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Health and Safety Needs of Older Workers before personal protective equipment or worker training may be considered. A more fully elaborated version of the hierarchy of controls places protective measures in the following order of preference: engineering controls (e.g., elimination, ventilation, mechanical guarding); administrative controls (e.g., safe job procedures, job rotation); personal protective equipment (e.g., respirators, ear plugs); individual behavior (e.g., safe lifting techniques); and warnings (e.g., labels, bells). While these hierarchies vary in their detail, they tend to share at their core the notion that methods of protection that do not rely primarily on individual employee behavior alone are preferred to those that do. Extending the legal and ethical perspective and the goals of maintaining a safe and healthful work environment, however, leads inevitably to varying interpretation of the extent to which health promotion, treatment, and rehabilitative services—crucial to the general health status of older workers—should be provided at or through the workplace. This is in addition to worker education and training, retraining for changing job tasks, and the many other activities that are offered at or through the workplace. A wide variety of employee interventions to maintain and improve health and safety have been established over many decades, albeit usually not universal in coverage, and new delivery and experimental programs are continually appearing. The Americans with Disabilities Act (ADA) is one law that anticipates and addresses the hierarchical approach by requiring job interventions and accommodations. The ADA protects workers if they have a disability that substantially limits one or more major life activities but they are able to perform the essential functions of the job with reasonable accommodations. Accommodations under the ADA require that employers make existing facilities readily accessible and usable, and that they restructure jobs or modify work. While older workers are more likely than younger ones to have disabilities covered by the ADA, the need to accommodate older workers goes well beyond these covered limitations. This chapter considers accommodations in the broadest fashion. For example, Burkhauser, Butler, and Kim (1995), using a proportional hazards analysis with data from the 1978 Survey of Disability and Work, found that provision of an accommodation, defined broadly, slowed worker withdrawal from the workforce and delayed the beginning of SSDI payments. Potential recall bias in these studies might be addressed in a longitudinal study, using data now available from the Health and Retirement Study. No studies have examined whether workplace ac-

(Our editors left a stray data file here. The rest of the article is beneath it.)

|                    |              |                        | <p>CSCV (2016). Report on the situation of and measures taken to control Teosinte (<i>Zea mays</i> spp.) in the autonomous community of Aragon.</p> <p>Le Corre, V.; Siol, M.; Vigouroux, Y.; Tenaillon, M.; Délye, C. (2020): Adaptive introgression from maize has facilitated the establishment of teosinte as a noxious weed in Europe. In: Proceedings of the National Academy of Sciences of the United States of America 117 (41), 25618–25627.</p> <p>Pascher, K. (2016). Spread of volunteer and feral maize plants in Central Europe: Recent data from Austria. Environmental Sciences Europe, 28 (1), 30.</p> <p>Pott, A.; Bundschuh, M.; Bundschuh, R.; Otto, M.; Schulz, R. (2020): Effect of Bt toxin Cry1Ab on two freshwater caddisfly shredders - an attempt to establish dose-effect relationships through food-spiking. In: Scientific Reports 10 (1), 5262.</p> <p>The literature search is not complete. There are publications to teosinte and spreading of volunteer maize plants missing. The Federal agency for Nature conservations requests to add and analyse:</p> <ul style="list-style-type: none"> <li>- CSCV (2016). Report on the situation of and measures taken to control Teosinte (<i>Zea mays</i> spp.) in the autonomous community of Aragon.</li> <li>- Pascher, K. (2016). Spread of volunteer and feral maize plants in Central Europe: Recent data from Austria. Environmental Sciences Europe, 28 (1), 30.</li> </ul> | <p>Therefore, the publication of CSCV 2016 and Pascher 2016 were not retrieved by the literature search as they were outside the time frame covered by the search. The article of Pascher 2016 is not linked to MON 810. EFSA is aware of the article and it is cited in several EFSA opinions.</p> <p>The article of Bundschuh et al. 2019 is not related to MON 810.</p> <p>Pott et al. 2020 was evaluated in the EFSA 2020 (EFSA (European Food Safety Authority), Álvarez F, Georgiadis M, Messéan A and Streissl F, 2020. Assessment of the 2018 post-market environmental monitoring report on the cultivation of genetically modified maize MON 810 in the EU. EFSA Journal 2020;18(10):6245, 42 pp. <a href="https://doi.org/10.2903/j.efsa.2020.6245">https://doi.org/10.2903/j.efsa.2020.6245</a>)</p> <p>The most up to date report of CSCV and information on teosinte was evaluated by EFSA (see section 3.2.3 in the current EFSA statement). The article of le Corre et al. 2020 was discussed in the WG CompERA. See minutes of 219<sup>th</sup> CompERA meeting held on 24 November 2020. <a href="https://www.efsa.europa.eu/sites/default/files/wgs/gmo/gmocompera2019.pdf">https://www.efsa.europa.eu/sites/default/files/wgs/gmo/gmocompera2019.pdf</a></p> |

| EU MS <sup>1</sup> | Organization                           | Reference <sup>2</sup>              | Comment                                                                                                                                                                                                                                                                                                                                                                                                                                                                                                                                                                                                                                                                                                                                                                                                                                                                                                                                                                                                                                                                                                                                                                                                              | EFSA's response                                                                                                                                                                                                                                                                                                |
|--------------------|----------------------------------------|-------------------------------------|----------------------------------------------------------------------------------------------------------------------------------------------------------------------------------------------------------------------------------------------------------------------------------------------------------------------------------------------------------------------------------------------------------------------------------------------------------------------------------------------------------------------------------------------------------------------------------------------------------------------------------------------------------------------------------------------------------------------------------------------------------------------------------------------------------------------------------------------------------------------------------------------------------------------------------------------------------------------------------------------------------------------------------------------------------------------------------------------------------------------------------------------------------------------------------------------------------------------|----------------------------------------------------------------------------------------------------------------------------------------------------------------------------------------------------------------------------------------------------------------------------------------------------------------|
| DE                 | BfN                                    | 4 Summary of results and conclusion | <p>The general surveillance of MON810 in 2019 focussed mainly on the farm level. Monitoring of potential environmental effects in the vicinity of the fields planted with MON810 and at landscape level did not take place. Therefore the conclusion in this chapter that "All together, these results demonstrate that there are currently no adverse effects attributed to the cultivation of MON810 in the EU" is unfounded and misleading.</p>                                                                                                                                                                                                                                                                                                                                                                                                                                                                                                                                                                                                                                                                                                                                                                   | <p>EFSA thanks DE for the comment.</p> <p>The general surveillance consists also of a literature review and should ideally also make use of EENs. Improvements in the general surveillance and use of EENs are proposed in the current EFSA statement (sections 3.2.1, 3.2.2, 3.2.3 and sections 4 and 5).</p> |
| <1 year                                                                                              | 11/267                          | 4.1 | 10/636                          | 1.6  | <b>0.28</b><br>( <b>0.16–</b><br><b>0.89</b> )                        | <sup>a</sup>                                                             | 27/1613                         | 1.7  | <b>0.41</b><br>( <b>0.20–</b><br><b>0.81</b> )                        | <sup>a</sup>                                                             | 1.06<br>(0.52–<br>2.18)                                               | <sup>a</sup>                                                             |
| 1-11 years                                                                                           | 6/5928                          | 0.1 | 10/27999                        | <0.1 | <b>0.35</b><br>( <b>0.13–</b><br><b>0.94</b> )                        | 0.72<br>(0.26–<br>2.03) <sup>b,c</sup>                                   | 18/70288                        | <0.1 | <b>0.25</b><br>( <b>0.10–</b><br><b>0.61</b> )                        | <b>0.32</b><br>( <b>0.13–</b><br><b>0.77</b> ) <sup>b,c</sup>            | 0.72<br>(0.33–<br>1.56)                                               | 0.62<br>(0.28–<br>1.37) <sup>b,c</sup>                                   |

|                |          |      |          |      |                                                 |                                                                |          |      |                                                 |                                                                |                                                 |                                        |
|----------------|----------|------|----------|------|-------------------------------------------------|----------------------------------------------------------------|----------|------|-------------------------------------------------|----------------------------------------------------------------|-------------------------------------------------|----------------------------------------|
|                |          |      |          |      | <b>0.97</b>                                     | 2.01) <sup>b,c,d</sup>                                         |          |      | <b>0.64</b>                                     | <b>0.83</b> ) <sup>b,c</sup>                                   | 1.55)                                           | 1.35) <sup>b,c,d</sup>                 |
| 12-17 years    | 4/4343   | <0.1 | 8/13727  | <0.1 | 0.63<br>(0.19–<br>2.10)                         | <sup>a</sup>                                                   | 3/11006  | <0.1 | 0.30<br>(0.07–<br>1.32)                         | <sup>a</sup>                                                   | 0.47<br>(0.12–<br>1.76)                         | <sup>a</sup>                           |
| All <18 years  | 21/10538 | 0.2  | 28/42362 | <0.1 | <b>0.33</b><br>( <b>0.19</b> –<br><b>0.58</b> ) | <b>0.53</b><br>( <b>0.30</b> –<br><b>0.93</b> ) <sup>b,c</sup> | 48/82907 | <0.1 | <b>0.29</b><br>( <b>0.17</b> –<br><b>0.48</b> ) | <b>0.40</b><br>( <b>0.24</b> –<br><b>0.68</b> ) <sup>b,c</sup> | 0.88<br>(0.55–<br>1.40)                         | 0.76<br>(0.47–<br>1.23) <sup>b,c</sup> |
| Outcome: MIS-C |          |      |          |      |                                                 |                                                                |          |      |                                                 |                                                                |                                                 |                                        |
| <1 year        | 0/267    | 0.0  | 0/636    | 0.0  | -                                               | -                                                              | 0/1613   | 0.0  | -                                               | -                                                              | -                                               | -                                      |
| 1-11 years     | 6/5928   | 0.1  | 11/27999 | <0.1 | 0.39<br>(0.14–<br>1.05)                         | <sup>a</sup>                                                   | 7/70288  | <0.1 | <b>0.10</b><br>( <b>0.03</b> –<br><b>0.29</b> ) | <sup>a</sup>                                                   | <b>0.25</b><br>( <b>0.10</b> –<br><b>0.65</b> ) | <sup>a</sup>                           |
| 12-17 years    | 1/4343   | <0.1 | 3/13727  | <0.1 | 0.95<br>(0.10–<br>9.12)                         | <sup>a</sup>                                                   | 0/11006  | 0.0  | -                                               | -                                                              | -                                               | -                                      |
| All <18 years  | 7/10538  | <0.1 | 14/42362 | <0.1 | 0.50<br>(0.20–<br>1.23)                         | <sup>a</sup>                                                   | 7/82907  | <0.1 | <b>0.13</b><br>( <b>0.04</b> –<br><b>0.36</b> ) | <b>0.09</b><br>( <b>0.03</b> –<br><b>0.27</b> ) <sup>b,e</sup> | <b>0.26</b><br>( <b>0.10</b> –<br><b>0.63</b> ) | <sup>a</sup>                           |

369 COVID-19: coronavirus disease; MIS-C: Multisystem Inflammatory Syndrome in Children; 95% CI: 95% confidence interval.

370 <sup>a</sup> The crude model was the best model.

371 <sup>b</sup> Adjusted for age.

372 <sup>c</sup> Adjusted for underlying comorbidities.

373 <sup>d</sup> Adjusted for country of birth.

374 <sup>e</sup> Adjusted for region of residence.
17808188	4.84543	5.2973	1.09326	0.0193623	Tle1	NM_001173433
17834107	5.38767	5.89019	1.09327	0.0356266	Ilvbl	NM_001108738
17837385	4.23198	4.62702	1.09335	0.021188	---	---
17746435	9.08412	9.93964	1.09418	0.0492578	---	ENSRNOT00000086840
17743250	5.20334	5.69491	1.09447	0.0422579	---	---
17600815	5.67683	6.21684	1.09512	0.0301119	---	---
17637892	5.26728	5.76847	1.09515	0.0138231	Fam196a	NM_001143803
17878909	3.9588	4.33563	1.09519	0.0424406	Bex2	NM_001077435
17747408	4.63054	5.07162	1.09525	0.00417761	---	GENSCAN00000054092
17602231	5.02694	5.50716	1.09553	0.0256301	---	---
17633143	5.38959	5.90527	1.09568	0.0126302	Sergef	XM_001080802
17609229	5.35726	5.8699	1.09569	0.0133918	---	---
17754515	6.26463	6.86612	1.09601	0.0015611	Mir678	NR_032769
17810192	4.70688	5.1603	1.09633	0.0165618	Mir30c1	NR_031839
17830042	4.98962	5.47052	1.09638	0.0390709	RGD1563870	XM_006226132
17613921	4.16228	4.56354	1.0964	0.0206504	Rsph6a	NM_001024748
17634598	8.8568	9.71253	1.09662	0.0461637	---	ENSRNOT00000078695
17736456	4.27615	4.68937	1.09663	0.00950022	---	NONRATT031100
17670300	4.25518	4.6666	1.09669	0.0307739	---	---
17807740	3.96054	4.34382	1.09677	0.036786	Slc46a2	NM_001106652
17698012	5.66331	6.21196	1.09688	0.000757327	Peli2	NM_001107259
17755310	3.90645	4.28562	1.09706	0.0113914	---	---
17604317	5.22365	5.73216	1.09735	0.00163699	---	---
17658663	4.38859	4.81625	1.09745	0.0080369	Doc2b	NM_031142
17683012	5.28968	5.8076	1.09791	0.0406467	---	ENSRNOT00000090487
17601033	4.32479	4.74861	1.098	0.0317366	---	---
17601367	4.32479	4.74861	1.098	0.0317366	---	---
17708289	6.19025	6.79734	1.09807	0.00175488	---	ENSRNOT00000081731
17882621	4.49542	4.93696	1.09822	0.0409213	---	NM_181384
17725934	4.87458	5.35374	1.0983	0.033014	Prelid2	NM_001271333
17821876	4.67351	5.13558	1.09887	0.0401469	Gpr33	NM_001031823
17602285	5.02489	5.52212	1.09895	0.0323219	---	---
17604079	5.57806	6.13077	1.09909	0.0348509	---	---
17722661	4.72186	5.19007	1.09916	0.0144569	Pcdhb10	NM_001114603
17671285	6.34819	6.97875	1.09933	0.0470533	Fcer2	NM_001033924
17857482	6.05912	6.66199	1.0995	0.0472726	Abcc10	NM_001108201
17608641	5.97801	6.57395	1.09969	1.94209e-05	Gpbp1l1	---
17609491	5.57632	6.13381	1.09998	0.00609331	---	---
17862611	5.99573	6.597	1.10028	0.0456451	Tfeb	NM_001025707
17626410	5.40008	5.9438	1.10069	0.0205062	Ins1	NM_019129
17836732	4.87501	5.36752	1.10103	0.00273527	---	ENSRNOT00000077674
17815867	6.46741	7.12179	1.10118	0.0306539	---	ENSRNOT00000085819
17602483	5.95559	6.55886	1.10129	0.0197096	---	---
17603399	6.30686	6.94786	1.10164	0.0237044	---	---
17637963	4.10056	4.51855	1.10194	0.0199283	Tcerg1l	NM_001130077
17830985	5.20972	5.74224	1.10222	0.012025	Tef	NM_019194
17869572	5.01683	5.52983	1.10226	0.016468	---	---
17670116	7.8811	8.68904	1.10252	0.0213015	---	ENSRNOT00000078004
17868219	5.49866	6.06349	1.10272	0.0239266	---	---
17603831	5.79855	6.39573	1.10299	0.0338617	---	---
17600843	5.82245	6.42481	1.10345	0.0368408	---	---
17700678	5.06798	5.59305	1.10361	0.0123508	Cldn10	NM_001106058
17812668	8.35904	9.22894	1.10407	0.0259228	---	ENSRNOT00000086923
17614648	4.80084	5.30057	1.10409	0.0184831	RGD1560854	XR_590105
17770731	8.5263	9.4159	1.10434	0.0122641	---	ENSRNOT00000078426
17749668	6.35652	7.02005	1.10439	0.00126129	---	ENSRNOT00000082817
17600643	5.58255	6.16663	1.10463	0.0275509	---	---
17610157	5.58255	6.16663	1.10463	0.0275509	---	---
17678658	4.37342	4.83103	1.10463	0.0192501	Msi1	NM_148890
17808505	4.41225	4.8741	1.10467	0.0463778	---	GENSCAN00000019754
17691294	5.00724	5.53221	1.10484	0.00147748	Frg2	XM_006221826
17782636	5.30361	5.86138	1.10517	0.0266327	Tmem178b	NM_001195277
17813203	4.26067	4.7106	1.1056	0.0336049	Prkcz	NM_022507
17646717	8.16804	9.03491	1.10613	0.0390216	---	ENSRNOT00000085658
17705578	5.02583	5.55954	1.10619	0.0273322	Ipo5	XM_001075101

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Health and Safety Needs of Older Workers commodations lower the risk of occupational injuries found by Zwerling et al. (1998a) among older workers with various impairments. We adopt here the control hierarchy as an approach to beginning a discussion of the current status of intervention strategies to meet the safety and health needs of older workers. While there is some specific evidence to support this approach, it is limited (e.g., older adults are more likely to read warnings but less likely to comprehend warning signals [Rogers and Fisk, 2000]). Therefore, we use the concept as a useful way to structure and present ideas for accommodating the needs of older workers without arguing for a rigid order of preference. Interventions relevant to all workers, but particularly for older workers, also include workplace design and redesign; worker training; learning systems and retraining issues; alternative forms of work; the relation of the workplace to community service support; worksite health promotion and illness or disorder prevention programs; and employee assistance programs, including return-to-work programs. JOB DESIGN AND REDESIGN In keeping with the breadth of potential workplace interventions noted in the introduction to this chapter, we now consider job design, including redesign and engineering, to improve the accommodations for older workers. There are many well-documented cross-sectional studies and some longitudinal ones outlining normative changes in vision, hearing, physical strength, and flexibility with age, as examples for requisites for many work environments (see Chapter 5). Some data derive from representative national samples. These age-related changes can be expected to affect older workers if they cannot compensate for such changes. Nonetheless, to the extent that work in the future requires maximal performance rather than typical performance, and if older adults retire later or return to part-time work after retirement, design interventions will probably become necessary. Design Interventions to Accommodate Normative Changes in Vision There are a variety of normative changes in vision with increased age (see Fozard and Gordon-Salant, 2001, for a review). Prominent among these are loss of accommodative power for the lens (near-vision focus), yellowing of the lens that weakens color discrimination, scattering of light in the eye due to debris in the vitreous humor, and inability to expand the pupil fully (senile miosis). Most of these changes result in less light being admitted to the eye—about one-third as much light comparing a 65-year-old to a 20-year-old in low light conditions. Due to increased scattering of light, there is also greater susceptibility to glare from light sources. There